Do you work because you have to, or because you love to?
I recently went into a local high street supermarket to buy a few essentials, milk, bread and bits and pieces on Saturday afternoon.
Having selected my groceries I was queuing for the till. It was taking a while. The customer in front of me had a lot of shopping. Another employee approached me and said:
“If you’d like to comer this way sir I will open up another till.”
“Great” I replied, following him down the aisle.
“How are you today? “ he asked smiling but not making eye contact.
“Fine” I said, grateful that I was going to be served and surprised but happy that he was making an effort to have a conversation with me. He must have been trained recently, I thought.
How about you?” I asked cheerily.
“I’m at work, what else can I say,” He shrugged, conveying a sense of resignation.
The energy plummeted. The conversation stopped.
I wondered how do you follow a comment like that?
I remembered his was a similar response to the last assistant I’d had the same sort of conversation with. When I enquired how they were, in response to them asking me, they’d said:
“I’ll be fine once I get out of this place. Only another hour and half to go!”
It seemed at odds with the friendly greeting and like they were wishing their lives away.
Now, I am not saying working in retail is always easy. I have done it myself and know it can have its challenges. But there is more to this.
Returning to the conversation, I found myself thinking about this young man’s comment. It seemed to reveal that he didn’t feel that he could have a positive experience at work. It was something that he had to do, under sufferance. He didn’t seem able to choose how he felt at work and he underestimated the impact his comment had made on me.
In our conversation, he had started by following a mental script of how to greet customers, which worked reasonably well until he volunteered how he really felt. Then the truth of how he really experienced his work surfaced, overcoming the professional, smiling but detached way of interacting with me.
I didn’t mind that he had stepped out of his work role. He thought he was being honest and perhaps trying to make conversation. But what he said made me think. It seemed that he believed that he couldn’t be happy at work. How unfortunate, I thought, given that he is probably spending 8 hours a day there. Perhaps he loved to hate his job…a sort of convoluted negative satisfaction.
Of course, many might say ‘what do you expect working on the till on a Saturday; it’s not a great a job! And it doesn’t pay well! But those arguments miss the point. Surveys have repeatedly shown that remuneration is not necessarily linked with employee satisfaction.
Figures from the Chartered Institute of Personal Development (CIPD), a professional HR body, showed that almost one in four workers were looking to leave their jobs because of the failure of managers to engage and retain staff. (1)
So is management to blame? Is this poor staff motivation, unfair work practices and no clear career structure taking their toll?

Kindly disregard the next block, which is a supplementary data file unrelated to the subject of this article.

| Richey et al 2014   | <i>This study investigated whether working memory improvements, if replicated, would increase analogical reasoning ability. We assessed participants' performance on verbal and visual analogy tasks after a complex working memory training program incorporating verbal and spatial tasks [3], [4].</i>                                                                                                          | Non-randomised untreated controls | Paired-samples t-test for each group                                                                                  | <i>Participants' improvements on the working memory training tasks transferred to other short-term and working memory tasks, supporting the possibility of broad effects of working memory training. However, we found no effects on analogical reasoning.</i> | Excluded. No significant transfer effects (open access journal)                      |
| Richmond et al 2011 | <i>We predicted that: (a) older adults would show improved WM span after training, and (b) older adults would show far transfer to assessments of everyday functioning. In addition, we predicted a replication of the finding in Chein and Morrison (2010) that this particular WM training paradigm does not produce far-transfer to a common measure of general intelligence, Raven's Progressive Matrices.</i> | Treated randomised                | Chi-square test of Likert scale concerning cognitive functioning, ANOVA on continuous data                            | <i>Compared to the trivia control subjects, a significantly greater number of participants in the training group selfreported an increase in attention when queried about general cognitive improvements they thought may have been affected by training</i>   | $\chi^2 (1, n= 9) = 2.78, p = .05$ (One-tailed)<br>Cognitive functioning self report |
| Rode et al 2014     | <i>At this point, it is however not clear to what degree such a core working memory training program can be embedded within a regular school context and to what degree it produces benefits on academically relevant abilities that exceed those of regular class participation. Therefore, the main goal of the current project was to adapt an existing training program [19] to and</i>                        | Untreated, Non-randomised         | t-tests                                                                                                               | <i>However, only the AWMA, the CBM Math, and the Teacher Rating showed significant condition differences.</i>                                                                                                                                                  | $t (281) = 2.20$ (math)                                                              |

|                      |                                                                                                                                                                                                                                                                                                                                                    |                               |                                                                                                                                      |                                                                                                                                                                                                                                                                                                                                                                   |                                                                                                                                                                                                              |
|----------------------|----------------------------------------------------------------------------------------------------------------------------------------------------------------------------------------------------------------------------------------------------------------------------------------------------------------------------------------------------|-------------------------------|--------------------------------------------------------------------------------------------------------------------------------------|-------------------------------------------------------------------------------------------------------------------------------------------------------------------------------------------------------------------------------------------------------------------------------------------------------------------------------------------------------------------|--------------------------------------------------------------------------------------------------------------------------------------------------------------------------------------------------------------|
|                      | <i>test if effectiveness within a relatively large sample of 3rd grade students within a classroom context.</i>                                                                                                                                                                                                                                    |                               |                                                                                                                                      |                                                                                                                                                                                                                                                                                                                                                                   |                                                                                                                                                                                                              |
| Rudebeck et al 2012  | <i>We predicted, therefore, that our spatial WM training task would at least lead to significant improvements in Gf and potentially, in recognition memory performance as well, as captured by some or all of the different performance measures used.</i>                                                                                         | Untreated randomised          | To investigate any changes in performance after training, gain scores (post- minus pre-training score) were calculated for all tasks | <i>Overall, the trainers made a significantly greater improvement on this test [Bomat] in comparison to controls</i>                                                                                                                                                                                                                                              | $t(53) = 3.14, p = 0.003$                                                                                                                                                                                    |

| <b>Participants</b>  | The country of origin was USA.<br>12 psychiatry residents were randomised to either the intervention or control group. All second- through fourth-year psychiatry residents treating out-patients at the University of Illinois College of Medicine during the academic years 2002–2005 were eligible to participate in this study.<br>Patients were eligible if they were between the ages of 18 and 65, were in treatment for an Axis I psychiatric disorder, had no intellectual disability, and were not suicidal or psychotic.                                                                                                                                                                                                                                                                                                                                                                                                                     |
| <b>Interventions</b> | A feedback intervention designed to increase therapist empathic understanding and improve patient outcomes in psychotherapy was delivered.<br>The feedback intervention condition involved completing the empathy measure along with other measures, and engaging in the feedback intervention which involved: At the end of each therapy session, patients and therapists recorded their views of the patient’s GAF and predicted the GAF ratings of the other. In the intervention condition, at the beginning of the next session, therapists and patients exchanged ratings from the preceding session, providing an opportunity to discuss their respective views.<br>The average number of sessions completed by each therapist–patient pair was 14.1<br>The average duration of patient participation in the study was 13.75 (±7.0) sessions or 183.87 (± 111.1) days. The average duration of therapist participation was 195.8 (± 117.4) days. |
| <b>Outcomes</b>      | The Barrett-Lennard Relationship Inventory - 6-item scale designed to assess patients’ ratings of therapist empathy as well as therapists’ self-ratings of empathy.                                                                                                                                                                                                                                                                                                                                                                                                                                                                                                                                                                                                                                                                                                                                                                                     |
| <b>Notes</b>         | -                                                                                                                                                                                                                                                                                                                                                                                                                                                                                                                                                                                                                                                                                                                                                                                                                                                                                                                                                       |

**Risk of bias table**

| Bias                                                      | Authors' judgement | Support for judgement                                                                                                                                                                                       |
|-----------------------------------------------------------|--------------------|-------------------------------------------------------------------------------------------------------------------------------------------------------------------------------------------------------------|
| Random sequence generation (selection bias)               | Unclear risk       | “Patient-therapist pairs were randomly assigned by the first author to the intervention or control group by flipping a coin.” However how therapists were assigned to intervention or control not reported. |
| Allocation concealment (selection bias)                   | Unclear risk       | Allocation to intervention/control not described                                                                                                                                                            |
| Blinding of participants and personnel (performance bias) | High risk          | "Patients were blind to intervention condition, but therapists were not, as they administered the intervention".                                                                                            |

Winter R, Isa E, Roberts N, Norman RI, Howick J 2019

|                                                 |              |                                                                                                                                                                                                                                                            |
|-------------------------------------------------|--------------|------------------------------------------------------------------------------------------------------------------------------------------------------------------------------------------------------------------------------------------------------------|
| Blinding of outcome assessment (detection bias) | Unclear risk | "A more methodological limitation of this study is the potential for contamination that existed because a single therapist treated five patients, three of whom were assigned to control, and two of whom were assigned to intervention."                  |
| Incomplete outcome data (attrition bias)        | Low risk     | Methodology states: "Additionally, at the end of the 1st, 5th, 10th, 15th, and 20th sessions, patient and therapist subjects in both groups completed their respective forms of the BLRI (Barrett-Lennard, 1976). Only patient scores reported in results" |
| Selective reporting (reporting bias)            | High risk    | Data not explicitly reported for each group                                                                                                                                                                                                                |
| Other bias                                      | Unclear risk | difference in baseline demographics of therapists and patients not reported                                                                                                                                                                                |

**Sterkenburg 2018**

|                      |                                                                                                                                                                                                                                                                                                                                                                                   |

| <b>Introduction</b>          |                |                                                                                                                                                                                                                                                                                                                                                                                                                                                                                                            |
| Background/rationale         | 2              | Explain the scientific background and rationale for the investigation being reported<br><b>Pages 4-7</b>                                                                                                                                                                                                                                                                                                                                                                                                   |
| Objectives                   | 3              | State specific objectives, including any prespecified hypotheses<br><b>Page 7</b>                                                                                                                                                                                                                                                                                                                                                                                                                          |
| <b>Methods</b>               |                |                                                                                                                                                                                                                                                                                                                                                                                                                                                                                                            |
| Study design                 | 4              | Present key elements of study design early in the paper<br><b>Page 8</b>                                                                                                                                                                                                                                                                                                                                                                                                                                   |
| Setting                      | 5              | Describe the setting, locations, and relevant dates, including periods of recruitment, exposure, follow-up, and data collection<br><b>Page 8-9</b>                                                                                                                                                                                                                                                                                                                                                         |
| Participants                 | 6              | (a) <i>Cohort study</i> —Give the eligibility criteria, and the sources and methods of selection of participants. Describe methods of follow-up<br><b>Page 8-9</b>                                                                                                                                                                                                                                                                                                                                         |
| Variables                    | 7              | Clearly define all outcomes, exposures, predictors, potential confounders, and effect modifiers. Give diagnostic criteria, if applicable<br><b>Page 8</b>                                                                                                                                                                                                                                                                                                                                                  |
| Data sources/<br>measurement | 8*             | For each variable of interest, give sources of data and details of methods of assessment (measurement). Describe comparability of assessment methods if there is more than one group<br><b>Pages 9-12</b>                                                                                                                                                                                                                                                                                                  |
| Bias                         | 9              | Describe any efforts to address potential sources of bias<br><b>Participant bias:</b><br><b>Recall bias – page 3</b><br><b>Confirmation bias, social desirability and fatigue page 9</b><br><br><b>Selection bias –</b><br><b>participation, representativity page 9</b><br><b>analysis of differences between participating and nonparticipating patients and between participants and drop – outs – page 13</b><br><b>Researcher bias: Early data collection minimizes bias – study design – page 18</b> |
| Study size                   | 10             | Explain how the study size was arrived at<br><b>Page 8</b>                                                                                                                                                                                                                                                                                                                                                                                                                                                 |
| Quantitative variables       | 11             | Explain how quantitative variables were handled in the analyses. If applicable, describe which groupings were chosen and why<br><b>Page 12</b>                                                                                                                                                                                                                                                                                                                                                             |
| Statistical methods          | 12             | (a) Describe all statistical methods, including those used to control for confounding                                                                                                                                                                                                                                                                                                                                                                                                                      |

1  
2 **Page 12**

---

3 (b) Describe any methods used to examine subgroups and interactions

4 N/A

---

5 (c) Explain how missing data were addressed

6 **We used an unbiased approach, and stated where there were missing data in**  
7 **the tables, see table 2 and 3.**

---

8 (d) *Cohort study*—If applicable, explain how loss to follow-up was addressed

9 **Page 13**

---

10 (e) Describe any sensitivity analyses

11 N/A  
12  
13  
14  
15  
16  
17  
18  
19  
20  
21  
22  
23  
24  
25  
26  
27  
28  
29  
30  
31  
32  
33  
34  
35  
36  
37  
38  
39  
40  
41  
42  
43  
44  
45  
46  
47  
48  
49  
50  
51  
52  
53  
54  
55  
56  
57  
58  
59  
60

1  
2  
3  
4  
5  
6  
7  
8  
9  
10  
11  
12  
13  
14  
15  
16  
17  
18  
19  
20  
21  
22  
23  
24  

Possibly. But he was the one doing the job. Surely he has some responsibility for how he experienced his work?
Certainly the mind-set he was approaching the job with and his beliefs about the job were colouring his perception of what was happening to him and how he talked with me in the moment. He seemed unaware of this.
His response isn’t unique. Many people say they don’t like the job they do but continue to do it and draw a salary. Denial and discounting of the positive elements of work is not limited to specific industries or types of work either. Whilst having greater autonomy has shown to be linked to job satisfaction it is not a given. Many professional and self-employed people say they are dissatisfied at work.
(Recent research (2) shows that just over half of employees (50.7%) are ‘not engaged’ with their work and nearly 17% (16.7%) of employees are ‘actively disengaged.’)
Another thought flashed across my mind, there was a learning point here. But why was I bothered? I’d been served; he’d done his job. His attitude continued to jar with me. Not because it was ‘poor customer service’, (although you could say he wasn’t likely to win brand ambassador of the year) but because he seemed to be fundamentally limiting himself. What a waste!
My training experience has shown me that development conversations are not understood without the right context and need to be done at the right time, in the right way. Attitudinal change needs to be addressed carefully and respectfully, in the right environment.
So, whilst I was interested, I judged it was too big a conversation to have with him. Did he miss out or escape?
The assistant clearly had a blind spot regarding how he experienced himself at work. There was an opportunity for learning however it wasn’t my job to tell him. I thought any intervention by me would be misinterpreted as an attack. I took the path of least resistance and attempted to cheer him up:
‘Well at least you are earning” I said quickly, giving him a mental justification for why things were really all right and reinforcing the belief that work was a means to an end. All very rationale. It seemed to work.
“Yes” he agreed, still looking glum.
It didn’t address the crux of the issue, as I perceived it, but it moved the conversation. He told me how much my shopping had come to and asked for my loyalty card. I gave it to him. He scanned it and I paid. He thanked me for shopping. I thanked him for serving me.
A simple transaction where I got more my groceries and food for thought. Isn’t life grand?
(1) CIPD UK Worker job satisfaction Survey May 2016
(2) Gallup, US Employment Engagement, July 2016,
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